Sermon: On not being terrified of eating and drinking with Jesus

Reflection for North Balwyn Uniting Church
Easter 3, 23 April 2023

Luke 24:13-35

You may have noticed that I read a lot of books. A six-year-old neighbour popped their head into my flat this week and was stunned by the sheer number of books I own. Among the stranger books that I enjoy reading are novels by a nineteenth-century anti-feminist English author, Charlotte M. Yonge. Miss Yonge is one of the most bigoted religious authors I have ever read; apparently for her the only true Church was the Church of England; to her Catholics and ‘Dissenters,’ Methodists and Congregationalists among others, were equally misguided. Despite this, I find reading her family stories relaxing, and I have just finished one that was first published in 1854 titled The Castle Builders, or, The Deferred Confirmation. It begins with two sixteen- and seventeen-year-old girls who have been approved as ready for Confirmation. But they are terrified of it, because when they are confirmed they will become eligible to receive Communion. As the younger says:

The priest “said if we were fit for Confirmation we were fit for the Sacrament,” said Kate; “but I can’t quite see how that can be. We promised all these things by our Godfathers and Godmothers, and are bound to do them now, so it does not seem so much to promise them for ourselves; but the other – it is a great deal too awful!”[1]

For almost 300 pages the two continue to avoid their Confirmation until it takes place on the book’s second-last page, and the second-last paragraph of the book says:

Sunday is come, and again Emmeline and Katherine kneel on that step, and now it is beside their sister, while their brother and uncle admit them to the partaking of that Meat and Drink indeed, which can preserve their souls to everlasting life.[2]

Miss Yonge has written an entire and entertaining book out of two teenagers being afraid of participating in the Eucharist. I would find that more amusing if my heritage were not Scottish Presbyterian, and I had not heard from my grandmother about Elders visiting church members to determine whether they were worthy to participate in the quarterly Communion, and giving them tokens to indicate their eligibility.

Black and white photo of the head and neck of a white woman looking towards the left of the viewer in an oval frame.

Charlotte M. Yonge

In the Uniting Church, we have deliberately decided to treat Communion differently. One of the reasons that we do not ask children to wait until Confirmation or until they are of suitable years for a ‘First Communion’ is because we believe Communion is like a family meal to which everyone in the family, of whatever age, is welcome. This is because eating with the community was such an important part of Jesus’ life. One accusation consistently made against Jesus during his lifetime was that he was a glutton and a drunkard. We know that he was always feasting with the people around him, rather than fasting as the truly religious were meant to. His answer when once questioned about this was that ‘the wedding guests cannot fast while the bridegroom is with them, can they? As long as they have the bridegroom with them, they cannot fast’. (Mark 2:19) So it is no surprise that food so often appears in resurrection stories like the one we hear today. When the bridegroom the wedding guests had mourned as dead is revealed to be alive, of course they feast.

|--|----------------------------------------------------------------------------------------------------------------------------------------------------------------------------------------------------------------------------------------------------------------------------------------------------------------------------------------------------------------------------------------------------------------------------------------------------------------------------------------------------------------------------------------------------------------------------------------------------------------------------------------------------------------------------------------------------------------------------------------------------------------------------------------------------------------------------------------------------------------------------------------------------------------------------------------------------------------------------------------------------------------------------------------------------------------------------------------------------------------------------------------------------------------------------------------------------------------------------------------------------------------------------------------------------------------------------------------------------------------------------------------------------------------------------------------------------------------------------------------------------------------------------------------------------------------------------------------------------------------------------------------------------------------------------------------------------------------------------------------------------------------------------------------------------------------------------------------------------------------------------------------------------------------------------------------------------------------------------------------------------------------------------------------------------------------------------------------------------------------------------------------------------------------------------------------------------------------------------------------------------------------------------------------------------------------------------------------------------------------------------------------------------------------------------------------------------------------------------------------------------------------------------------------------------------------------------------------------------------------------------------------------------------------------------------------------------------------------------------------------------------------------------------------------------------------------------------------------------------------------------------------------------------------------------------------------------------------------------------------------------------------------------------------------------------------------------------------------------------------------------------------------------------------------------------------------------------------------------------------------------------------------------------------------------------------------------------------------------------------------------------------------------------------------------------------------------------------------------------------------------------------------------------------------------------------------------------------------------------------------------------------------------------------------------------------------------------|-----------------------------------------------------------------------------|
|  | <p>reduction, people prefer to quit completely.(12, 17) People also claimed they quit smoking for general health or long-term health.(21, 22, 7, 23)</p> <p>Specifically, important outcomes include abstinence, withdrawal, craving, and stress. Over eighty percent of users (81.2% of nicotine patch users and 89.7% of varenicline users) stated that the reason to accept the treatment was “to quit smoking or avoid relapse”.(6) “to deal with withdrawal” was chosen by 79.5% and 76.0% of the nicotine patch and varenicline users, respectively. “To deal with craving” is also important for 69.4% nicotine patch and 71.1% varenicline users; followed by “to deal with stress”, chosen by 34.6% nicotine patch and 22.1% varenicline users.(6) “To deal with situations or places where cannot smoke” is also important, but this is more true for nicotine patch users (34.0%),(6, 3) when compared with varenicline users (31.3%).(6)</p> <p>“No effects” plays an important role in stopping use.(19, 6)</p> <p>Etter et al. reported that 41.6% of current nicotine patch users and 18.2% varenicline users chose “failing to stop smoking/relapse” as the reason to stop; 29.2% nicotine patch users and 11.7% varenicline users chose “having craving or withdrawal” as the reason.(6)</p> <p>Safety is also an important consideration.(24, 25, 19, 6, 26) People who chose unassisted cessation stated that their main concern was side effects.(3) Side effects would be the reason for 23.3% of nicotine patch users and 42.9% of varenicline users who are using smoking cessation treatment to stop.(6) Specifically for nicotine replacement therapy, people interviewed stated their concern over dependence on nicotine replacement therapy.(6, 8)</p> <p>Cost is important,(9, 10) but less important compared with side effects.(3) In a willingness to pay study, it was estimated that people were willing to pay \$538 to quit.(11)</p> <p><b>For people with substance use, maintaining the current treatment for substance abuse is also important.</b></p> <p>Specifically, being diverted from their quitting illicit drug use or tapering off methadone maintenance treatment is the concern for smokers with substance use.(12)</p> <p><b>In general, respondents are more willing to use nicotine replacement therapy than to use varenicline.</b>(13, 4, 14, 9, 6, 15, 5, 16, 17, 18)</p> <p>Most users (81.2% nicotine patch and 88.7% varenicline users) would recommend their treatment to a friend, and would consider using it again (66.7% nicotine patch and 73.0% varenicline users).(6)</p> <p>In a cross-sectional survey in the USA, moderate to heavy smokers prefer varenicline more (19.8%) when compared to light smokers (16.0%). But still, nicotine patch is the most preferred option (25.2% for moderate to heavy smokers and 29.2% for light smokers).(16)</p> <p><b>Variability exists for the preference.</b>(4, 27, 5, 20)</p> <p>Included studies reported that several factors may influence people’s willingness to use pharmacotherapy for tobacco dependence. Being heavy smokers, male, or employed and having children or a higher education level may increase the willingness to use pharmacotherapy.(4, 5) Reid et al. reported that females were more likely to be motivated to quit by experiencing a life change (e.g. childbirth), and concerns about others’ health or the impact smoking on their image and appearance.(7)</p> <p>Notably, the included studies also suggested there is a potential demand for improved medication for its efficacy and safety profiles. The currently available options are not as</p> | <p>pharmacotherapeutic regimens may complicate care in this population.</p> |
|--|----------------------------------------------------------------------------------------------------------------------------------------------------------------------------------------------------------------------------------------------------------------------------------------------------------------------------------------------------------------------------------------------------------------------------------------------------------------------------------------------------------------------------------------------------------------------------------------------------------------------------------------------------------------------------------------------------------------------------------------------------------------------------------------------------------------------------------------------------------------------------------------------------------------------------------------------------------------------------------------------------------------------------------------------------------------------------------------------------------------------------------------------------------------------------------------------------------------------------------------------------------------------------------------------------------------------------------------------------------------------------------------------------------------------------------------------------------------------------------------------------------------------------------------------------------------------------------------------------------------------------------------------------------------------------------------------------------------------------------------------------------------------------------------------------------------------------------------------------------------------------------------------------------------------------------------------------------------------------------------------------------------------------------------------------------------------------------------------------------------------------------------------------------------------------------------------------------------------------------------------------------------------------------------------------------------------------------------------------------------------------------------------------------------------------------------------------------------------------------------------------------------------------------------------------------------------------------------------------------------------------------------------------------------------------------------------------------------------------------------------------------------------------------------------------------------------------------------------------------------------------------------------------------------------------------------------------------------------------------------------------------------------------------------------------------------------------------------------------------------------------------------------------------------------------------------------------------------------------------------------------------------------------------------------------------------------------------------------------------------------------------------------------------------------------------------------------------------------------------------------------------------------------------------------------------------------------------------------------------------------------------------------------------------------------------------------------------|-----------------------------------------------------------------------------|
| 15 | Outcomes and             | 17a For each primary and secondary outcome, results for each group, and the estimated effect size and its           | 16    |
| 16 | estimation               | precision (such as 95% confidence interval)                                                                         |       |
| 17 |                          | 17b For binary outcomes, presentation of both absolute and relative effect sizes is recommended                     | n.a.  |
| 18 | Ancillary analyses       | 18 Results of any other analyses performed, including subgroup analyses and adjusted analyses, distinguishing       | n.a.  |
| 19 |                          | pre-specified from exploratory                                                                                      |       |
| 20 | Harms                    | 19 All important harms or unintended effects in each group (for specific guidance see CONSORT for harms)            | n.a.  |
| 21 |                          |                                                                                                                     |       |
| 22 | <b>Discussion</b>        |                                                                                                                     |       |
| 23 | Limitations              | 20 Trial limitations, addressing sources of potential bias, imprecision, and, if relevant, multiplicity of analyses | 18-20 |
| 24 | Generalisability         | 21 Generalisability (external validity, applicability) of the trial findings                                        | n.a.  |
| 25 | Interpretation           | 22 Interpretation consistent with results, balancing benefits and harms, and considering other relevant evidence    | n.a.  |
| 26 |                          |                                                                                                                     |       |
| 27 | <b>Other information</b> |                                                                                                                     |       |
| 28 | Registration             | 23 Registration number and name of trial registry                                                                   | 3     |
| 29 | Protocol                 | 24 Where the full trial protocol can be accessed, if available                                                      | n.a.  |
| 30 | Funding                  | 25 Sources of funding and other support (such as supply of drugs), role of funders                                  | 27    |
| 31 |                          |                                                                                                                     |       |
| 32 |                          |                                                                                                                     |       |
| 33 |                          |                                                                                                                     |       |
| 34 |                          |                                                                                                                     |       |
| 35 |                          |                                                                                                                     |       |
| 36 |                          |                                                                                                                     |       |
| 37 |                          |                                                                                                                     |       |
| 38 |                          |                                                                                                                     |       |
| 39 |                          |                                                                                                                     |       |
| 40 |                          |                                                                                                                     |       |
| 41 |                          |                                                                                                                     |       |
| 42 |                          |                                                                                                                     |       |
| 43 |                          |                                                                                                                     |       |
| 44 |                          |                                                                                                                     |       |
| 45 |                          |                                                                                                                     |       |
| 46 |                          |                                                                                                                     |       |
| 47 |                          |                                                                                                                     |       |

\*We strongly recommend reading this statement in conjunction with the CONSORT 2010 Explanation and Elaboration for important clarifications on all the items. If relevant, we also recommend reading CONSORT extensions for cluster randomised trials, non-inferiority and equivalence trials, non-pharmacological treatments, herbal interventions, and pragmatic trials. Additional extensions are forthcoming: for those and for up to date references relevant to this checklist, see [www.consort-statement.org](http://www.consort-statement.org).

We do not know who the two disciples on the road to Emmaus were. We are only given the name of one of them, Cleopas, and we have not heard of him before nor do we hear of him again. These are not members of the Eleven, just ordinary followers of Jesus, devastated by his death. They had hoped that Jesus would be the one to liberate Israel, as had been promised. But Jesus had been crucified and all those hopes had been dashed.

As the disciples walk, Jesus joins them, but they do not yet know who he is. They had heard about the empty tomb from the women, but that story had only astounded them, leaving them with confusion rather than faith. Now, even though Jesus himself is accompanying them, they remain blind. We do not know what it was that kept their eyes from recognising who it was who had joined them, but we should not be too surprised. The same thing can happen to us. We may believe that Jesus walks with us, as he walked with the disciples on the road to Emmaus, and yet we may be unable to see or experience him, our eyes closed by doubt and despair, preoccupation and suspicion, our immediate needs, or the noise of the world around us.

Jesus reveals himself to these disciples, and they journey from despair to recognition, through what Luke’s readers and we ourselves can recognise is a standard church service. In the Book of Acts Luke tells us that after the day of Pentecost the disciples and the first converts ‘devoted themselves to the apostles’ teaching and fellowship, to the breaking of bread and the prayers’ (Acts 2:42). This is what Christians still do when we gather, and this is what we see happening here on the road to Emmaus. First, there is teaching. Jesus interprets to the disciples everything said about him in the Scriptures. As they listen to him, the disciples’ hearts burn within them, but they don’t immediately share this with each other. It is not through the Scriptures and teaching alone that they and we discover Christ.

The disciples then invite Jesus to share a meal with them, the ‘fellowship’ that Luke describes in Acts, and at the meal Jesus takes bread, blesses it, breaks it, and gives it to them, ‘the breaking of bread and the prayers’. Jesus celebrates the Eucharist with these disciples, as he still does with us today. The guest becomes the Host and shares himself in the breaking of the bread. According to Luke, we recognise Jesus’ presence in our lives when we share as a community in Word and Sacrament, in teaching and fellowship, in the breaking of bread and the prayers.